The new energy secretary Amber Rudd has pledged to fast-track laws giving communities the power to block onshore wind farms.
Ms Rudd said she had “put a rocket” under legislation which would abandon subsidies and make local support crucial to new developments.
Her comments were welcomed by Westcountry MPs, who praised the newly promoted minister for her “progressive” stance on energy issues.
But she has come under fire from conservation groups after saying she was “keen” on nuclear and revealing she would allow fracking under national parks.
Onshore wind farms has become an increasingly divisive topic in the South West, with many communities claiming they feel swamped by new projects and blaming subsidies for their proliferation.
Speaking to the Sunday Times, Ms Rudd said she wanted to make it impossible for investors to build onshore wind farms without local consent.
“This is really important. No more onshore wind farm subsidies and no more onshore wind farms without local community support,” she said,
“That’s going to be one of the first things we’re going to do. I’ve put a rocket under the team to get it done.
“We can’t have them on scale in areas where people don’t want them.”
She said the proposal would be in the Queens Speech on May 27, adding there was a “hopeful prospect” of a law by the middle of 2016.
Peter Heaton-Jones, the newly-elected Conservative MP for North Devon, said he was pleased to have an energy secretary who understood rural concerns.
“Our manifesto said that we would halt the spread of onshore wind farms by ending subsidies, he said. “I absolutely support Ms Rudd delivering on this. She is a very progressive energy secretary.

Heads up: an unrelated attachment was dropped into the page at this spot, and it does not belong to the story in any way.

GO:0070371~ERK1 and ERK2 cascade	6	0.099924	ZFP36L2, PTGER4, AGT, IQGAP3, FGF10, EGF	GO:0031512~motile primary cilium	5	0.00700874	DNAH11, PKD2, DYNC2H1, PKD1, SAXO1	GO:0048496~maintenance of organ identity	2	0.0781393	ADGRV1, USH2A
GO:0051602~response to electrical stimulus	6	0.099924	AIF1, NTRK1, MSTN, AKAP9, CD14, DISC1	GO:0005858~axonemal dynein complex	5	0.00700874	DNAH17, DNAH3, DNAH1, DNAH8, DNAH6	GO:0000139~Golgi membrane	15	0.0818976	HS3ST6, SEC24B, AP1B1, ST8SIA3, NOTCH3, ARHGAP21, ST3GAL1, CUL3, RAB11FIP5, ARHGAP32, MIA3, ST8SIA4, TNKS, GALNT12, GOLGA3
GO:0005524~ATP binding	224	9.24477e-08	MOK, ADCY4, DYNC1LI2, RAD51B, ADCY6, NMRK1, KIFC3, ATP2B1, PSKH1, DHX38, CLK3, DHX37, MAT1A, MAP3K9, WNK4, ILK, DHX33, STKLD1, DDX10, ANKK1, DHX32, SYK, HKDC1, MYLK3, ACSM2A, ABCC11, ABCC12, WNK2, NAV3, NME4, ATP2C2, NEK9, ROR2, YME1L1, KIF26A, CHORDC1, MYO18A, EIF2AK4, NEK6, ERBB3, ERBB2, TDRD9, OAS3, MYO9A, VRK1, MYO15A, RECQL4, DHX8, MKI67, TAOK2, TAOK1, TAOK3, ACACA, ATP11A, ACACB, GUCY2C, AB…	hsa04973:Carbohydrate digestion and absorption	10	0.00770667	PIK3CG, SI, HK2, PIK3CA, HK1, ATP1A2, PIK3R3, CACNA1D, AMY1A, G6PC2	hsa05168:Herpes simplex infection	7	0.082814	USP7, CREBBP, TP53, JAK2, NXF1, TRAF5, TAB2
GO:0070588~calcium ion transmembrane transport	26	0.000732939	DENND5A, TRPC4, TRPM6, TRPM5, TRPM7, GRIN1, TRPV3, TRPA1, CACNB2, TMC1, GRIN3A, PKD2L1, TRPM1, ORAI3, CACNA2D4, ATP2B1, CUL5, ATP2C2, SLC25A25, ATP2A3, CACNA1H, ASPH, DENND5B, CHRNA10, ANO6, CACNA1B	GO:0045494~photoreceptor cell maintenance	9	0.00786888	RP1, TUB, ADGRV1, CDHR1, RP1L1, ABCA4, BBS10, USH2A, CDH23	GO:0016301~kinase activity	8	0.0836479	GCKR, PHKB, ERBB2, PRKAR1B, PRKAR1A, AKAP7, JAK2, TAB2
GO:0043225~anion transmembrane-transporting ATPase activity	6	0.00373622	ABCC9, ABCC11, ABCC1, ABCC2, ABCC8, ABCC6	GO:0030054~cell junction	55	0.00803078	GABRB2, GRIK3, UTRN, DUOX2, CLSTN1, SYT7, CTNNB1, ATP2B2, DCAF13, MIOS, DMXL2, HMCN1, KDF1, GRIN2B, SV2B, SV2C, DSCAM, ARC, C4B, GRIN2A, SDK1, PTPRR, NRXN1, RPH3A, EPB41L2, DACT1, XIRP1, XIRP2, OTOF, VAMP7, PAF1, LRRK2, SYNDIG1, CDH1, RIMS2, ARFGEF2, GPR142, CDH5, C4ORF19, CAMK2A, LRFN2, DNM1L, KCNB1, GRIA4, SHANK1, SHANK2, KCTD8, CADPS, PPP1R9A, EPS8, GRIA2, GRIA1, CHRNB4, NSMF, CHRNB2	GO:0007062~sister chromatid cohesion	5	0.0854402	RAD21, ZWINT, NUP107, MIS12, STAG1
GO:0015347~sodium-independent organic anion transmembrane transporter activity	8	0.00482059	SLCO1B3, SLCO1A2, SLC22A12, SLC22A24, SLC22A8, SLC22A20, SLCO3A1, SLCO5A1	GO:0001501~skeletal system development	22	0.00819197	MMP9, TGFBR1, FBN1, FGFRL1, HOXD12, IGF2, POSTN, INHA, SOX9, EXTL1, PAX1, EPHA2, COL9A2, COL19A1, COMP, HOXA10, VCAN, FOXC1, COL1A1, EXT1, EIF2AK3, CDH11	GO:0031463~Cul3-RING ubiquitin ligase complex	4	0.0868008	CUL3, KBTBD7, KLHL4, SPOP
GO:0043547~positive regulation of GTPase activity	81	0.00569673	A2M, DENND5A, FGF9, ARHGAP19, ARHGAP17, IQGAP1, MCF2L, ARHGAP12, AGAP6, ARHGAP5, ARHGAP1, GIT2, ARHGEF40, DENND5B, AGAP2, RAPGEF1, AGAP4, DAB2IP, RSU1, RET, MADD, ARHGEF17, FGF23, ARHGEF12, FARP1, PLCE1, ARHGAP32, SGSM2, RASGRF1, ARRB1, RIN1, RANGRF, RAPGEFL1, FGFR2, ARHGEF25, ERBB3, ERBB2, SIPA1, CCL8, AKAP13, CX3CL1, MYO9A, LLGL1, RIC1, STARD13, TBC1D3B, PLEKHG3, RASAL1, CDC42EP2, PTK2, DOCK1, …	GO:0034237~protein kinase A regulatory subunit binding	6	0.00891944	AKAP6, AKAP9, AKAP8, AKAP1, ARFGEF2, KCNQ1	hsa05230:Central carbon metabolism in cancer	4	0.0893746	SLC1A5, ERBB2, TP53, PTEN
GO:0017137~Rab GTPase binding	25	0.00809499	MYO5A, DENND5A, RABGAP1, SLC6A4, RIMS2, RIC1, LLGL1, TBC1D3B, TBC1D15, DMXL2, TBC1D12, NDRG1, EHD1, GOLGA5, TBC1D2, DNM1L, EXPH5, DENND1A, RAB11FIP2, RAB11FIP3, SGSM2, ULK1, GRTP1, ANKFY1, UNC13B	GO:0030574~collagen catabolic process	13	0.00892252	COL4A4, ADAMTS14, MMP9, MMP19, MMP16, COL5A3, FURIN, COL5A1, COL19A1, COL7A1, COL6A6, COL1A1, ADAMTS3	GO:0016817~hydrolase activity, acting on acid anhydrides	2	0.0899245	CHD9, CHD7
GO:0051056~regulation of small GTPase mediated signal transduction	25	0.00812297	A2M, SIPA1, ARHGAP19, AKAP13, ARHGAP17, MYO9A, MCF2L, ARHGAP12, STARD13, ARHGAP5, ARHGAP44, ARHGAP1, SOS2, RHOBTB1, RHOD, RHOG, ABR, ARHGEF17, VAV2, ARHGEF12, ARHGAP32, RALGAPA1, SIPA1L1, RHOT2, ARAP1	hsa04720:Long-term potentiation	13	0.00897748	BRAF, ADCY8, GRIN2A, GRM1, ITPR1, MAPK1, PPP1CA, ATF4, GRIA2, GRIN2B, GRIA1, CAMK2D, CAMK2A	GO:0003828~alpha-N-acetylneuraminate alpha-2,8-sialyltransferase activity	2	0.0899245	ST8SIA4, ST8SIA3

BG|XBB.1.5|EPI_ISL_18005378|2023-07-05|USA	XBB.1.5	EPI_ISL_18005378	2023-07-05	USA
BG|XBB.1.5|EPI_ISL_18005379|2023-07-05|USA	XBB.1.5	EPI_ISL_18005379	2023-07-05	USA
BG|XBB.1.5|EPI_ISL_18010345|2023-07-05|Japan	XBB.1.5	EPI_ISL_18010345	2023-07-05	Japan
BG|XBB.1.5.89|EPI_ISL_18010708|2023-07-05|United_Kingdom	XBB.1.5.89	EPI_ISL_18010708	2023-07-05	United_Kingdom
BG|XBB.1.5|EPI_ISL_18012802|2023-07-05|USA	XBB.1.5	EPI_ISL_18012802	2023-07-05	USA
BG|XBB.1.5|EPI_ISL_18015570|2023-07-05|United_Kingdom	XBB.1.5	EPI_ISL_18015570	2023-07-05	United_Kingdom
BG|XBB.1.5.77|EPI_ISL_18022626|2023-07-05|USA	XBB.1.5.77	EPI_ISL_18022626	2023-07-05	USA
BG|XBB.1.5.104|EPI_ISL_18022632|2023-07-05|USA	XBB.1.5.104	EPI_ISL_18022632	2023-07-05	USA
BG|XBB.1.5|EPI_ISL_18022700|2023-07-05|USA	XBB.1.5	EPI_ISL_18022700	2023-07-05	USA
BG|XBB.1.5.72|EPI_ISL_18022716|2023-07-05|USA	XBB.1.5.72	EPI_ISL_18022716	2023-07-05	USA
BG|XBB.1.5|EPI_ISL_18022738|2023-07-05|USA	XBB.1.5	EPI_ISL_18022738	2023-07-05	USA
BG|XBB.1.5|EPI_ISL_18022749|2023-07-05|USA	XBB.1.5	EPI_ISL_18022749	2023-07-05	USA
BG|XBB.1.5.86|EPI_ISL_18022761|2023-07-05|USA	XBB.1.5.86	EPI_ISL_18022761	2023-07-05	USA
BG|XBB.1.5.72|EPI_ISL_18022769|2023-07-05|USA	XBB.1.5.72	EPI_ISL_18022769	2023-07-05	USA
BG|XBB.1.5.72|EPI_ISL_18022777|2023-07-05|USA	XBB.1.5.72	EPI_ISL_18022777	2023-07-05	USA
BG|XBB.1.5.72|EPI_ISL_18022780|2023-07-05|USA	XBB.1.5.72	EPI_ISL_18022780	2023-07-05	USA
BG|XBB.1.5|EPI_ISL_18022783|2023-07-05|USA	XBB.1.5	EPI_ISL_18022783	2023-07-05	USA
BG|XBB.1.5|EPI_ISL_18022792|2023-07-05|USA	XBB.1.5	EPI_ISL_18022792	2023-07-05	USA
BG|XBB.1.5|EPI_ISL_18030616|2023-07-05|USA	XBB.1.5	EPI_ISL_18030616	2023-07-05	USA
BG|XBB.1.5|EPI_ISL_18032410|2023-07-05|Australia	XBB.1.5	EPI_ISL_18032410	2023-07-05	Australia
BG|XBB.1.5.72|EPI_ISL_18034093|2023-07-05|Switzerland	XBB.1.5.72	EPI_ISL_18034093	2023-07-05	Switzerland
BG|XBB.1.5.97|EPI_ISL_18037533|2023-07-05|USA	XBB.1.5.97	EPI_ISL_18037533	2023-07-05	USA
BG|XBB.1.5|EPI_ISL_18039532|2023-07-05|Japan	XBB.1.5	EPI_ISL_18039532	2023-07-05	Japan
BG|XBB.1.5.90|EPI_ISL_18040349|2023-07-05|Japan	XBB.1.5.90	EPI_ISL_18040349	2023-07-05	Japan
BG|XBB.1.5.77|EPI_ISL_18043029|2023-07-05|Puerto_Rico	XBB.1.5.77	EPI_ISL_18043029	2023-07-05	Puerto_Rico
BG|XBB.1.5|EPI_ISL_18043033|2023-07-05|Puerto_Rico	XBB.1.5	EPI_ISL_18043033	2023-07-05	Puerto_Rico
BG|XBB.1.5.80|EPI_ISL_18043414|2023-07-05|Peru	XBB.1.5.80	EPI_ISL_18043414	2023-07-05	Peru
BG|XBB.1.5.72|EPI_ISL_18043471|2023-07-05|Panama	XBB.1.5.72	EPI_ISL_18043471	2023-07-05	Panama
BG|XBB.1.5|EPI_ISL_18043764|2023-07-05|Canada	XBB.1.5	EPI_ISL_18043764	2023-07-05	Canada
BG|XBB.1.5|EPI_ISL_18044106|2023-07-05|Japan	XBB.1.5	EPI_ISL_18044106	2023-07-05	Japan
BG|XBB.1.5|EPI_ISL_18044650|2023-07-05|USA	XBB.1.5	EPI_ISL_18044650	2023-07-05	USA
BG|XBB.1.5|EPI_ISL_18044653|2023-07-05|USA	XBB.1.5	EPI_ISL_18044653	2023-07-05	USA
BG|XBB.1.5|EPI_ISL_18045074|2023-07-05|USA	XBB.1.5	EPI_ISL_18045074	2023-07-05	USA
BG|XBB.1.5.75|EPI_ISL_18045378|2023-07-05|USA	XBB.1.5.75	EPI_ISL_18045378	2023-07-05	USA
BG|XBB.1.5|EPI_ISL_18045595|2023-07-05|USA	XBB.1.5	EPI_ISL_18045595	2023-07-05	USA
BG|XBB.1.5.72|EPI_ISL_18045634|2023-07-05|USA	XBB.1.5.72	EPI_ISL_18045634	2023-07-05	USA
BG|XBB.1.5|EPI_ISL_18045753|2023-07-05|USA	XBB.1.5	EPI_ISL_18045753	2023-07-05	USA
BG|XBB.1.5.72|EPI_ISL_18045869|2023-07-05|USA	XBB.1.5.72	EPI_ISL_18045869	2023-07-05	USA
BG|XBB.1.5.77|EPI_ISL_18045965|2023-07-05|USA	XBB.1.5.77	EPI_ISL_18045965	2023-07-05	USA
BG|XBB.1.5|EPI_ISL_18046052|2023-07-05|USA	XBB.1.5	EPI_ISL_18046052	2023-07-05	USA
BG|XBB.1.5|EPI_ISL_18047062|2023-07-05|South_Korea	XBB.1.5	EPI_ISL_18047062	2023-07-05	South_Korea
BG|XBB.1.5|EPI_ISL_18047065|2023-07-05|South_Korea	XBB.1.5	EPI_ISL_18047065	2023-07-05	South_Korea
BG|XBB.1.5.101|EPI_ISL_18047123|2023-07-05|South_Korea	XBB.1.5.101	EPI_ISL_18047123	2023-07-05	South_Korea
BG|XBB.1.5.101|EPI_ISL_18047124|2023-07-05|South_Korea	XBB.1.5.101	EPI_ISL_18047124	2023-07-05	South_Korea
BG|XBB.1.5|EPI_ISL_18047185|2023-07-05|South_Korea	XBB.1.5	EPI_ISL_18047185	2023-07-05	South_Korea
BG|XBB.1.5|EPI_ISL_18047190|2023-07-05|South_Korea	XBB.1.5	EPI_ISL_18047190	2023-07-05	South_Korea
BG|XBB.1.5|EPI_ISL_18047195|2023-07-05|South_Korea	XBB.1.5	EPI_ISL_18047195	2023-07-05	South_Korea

“We must be sure that we have the means to generate all the energy we need in an affordable and clean way and renewables have to be part of the mix,” he added.
“But I think we need to look at harnessing the huge potential of tidal power before we pursue more onshore wind farms.”
In the same interview, Ms Rudd also revealed she was “very keen” on new nuclear power plants, saying they were good for clean energy and reliable.
And she said that while her department will stress the tight regulation on fracking, it will allow shale gas extraction to take place under national parks as long as the wells themselves start outside the boundary.
“We have protected groundwater source areas and [prevented] national park drilling. I will make sure that we go out of our way to demonstrate to people the safety elements of it,” she said.
This has drawn criticism from conservation groups, including the Campaign to Protect Rural England (CPRE).
Nigel Cooper, spokesman for the organisation’s Cornwall branch said the Government had got its priorities “all wrong”.
“Instead of trashing national parks areas and pitting fossil fuels against renewables, they should be kick-starting a massive uptake of energy saving measures,” he said.
He added that a better planning policy and financial incentives to locate renewables on appropriate sites “would protect our countryside against dangerous climate change and a proliferation of turbines”.
“It would also reduce household bills at a time when we could all do with a bit more change in our pockets,” he said.
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